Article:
Supernatural is filled with so many queer references and jokes based on the idea that Dean is bisexual, and his relationship with Castiel is more than friends. Some of these are quite blatant, with Dean being told “he was your boyfriend first!”, and others are more subtle. The show writers are very aware of the Destiel fandom and even encourage this further in the show, with very meta moments where the characters meet their fans who support Destiel. The show in addition to these references uses very common rom-com tropes and visual cues to create a romantic tension in Dean and Castiel. Actor Misha even admitted that he was instructed to play Cas like a “jilted lover” with Dean, further showing the writers exploiting the fans’ love of the pairing.
Valkyrie from Thor Ragnarok
Asgardian warrior Valkyrie is now officially the first LGBTQIA superhero in the Marvel cinematic universe, but it was actress Tessa Thompson who played the character who confirmed on Twitter that the character was bisexual. She told fans that there was a scene cut from the final movie which alluded to Valkyrie’s love for another woman. Cutting this scene robs the character of her representation (as she is bisexual in the comics) and robs fans of yet another on-screen queer representation in a Disney movie.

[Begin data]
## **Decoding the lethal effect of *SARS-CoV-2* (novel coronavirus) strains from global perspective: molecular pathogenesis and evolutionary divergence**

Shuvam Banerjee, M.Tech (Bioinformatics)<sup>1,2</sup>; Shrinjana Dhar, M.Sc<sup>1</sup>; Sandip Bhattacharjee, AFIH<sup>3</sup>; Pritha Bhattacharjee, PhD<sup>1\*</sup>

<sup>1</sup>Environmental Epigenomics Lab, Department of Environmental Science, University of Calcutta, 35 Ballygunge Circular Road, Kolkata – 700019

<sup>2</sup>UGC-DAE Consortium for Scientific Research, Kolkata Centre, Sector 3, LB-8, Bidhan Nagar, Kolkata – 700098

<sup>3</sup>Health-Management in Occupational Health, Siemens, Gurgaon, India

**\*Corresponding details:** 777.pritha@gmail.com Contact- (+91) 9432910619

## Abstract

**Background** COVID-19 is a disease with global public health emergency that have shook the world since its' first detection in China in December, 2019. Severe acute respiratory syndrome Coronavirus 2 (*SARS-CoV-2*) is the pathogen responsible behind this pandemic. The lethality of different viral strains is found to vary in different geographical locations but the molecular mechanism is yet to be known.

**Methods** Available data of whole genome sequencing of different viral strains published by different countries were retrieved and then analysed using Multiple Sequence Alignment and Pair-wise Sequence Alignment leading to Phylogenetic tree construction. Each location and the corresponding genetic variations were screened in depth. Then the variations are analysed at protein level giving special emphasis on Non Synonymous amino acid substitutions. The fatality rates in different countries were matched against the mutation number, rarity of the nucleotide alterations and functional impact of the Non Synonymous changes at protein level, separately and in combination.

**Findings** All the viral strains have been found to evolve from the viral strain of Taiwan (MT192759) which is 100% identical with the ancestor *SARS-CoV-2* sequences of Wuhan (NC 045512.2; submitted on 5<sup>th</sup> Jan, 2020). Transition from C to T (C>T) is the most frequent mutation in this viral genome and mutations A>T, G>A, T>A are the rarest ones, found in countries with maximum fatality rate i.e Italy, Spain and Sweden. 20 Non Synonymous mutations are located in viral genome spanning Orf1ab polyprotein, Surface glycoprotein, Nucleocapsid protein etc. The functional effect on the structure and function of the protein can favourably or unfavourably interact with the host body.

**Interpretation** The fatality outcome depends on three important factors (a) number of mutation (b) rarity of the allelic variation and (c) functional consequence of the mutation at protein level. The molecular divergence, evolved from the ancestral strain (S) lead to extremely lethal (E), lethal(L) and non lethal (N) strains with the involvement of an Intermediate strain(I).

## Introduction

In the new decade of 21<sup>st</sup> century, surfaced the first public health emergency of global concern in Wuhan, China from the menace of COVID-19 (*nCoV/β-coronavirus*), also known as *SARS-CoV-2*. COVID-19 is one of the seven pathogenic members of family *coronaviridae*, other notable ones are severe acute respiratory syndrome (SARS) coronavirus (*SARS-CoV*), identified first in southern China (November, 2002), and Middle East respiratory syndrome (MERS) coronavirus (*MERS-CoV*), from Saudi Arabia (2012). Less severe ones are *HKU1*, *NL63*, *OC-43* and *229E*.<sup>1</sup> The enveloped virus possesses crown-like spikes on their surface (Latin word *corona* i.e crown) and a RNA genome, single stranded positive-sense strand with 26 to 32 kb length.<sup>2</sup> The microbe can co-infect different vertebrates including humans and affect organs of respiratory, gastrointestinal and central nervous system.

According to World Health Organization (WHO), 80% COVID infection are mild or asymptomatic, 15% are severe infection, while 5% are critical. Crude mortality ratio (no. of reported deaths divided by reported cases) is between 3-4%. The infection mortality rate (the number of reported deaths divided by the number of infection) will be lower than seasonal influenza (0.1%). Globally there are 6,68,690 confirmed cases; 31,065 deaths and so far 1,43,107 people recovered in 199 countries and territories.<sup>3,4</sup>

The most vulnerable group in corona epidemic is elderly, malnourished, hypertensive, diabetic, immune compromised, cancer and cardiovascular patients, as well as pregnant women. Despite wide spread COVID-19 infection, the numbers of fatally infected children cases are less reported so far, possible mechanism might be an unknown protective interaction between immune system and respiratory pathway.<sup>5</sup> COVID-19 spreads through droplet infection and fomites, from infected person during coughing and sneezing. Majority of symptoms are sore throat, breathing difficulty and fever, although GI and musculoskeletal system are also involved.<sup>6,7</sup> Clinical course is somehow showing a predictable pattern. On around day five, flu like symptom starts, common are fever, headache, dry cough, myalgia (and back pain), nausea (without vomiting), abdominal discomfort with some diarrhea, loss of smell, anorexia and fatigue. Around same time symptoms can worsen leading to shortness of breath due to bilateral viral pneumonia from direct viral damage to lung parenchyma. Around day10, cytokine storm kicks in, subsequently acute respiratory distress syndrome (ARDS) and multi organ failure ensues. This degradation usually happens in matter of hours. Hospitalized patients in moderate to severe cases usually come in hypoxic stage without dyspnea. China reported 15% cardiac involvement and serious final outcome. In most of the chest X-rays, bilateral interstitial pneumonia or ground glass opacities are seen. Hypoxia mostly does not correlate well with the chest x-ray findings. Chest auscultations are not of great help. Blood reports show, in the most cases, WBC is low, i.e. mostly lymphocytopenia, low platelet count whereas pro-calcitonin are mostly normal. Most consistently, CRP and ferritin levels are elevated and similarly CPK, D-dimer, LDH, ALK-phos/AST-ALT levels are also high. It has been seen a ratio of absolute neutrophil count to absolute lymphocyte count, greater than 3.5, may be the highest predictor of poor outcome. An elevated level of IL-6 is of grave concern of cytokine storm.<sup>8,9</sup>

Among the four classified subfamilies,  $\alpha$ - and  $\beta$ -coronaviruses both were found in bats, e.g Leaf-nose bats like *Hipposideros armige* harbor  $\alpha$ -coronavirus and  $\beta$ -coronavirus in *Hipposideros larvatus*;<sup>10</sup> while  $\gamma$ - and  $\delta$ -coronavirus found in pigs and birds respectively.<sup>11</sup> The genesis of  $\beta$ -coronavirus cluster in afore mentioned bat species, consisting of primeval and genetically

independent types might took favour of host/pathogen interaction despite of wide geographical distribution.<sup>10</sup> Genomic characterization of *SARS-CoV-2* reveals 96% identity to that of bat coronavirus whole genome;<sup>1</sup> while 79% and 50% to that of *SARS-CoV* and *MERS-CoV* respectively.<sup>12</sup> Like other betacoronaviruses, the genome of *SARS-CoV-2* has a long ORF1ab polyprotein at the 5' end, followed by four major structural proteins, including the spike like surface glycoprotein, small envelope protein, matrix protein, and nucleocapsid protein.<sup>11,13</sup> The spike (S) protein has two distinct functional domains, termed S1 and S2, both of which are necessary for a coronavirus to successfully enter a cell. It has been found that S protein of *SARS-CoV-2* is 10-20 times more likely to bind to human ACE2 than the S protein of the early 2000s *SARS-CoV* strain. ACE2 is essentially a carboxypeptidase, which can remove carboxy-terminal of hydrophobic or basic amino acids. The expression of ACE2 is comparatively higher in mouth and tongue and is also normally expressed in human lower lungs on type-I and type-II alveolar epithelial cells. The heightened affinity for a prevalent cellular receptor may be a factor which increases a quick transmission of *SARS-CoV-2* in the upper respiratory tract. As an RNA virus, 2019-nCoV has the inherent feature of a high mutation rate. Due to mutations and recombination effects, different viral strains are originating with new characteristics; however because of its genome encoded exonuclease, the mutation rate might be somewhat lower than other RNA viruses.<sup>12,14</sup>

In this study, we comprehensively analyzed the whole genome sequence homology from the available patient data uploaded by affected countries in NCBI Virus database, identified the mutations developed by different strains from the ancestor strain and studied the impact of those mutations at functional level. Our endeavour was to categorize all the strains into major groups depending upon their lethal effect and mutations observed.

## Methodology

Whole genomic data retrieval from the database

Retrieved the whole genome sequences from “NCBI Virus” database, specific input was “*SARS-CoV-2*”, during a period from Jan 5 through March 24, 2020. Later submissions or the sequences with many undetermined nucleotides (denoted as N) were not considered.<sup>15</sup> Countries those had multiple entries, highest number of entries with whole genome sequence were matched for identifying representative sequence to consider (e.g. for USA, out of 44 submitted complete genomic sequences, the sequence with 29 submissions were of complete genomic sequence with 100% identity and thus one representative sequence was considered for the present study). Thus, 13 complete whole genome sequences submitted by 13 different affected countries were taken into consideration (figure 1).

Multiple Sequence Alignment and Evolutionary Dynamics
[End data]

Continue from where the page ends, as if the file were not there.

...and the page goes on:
Disney has always had trouble with representing LGBTQIA characters, walking a fine line between representation and tokenism. Showing the tiniest amount to say they did it when really doing little to nothing at all. There is hope for Valkyrie’s sexuality will be explored in the Thor sequels, fans already guessing for her on-screen girlfriend to be Thor’s ex-girlfriend, Jane Foster. Cross your fingers for luck!
There are plenty other examples out there of blatant queerbaiting, including Finn and Poe from Star Wars, Okoye and Aya from Black Panther, Grindelwald and Dumbledore from Fantastic Beasts, Kara and Lena from Supergirl, and Beca and Chloe from Pitch Perfect.
Fortunately, one does not need to look too far to see that established queer representation can actually elevate a show or movie to a higher standard.
Some of these examples of these are:
Lorraine and Delphine in Atomic Blonde
Will and Hannibal in Hannibal
Todd in Bojack Horseman
David and Patrick in Schitt’s Creek
Eve and Villanelle in Killing Eve
Jack, John, Ianto, Owen and Toshiko in Torchwood
Emily in Handmaid’s Tale
Oberyn and Ellaria in Game of Thrones
I would highly recommend any of these shows, not just for their queer representation, but how they include them into the story without it being a self congratulative pat on the back from the writers. It’s easier than it looks to create diverse characters such as these, and hopefully in the future studios will not hesitate to give LGBTQIA characters some devoted attention.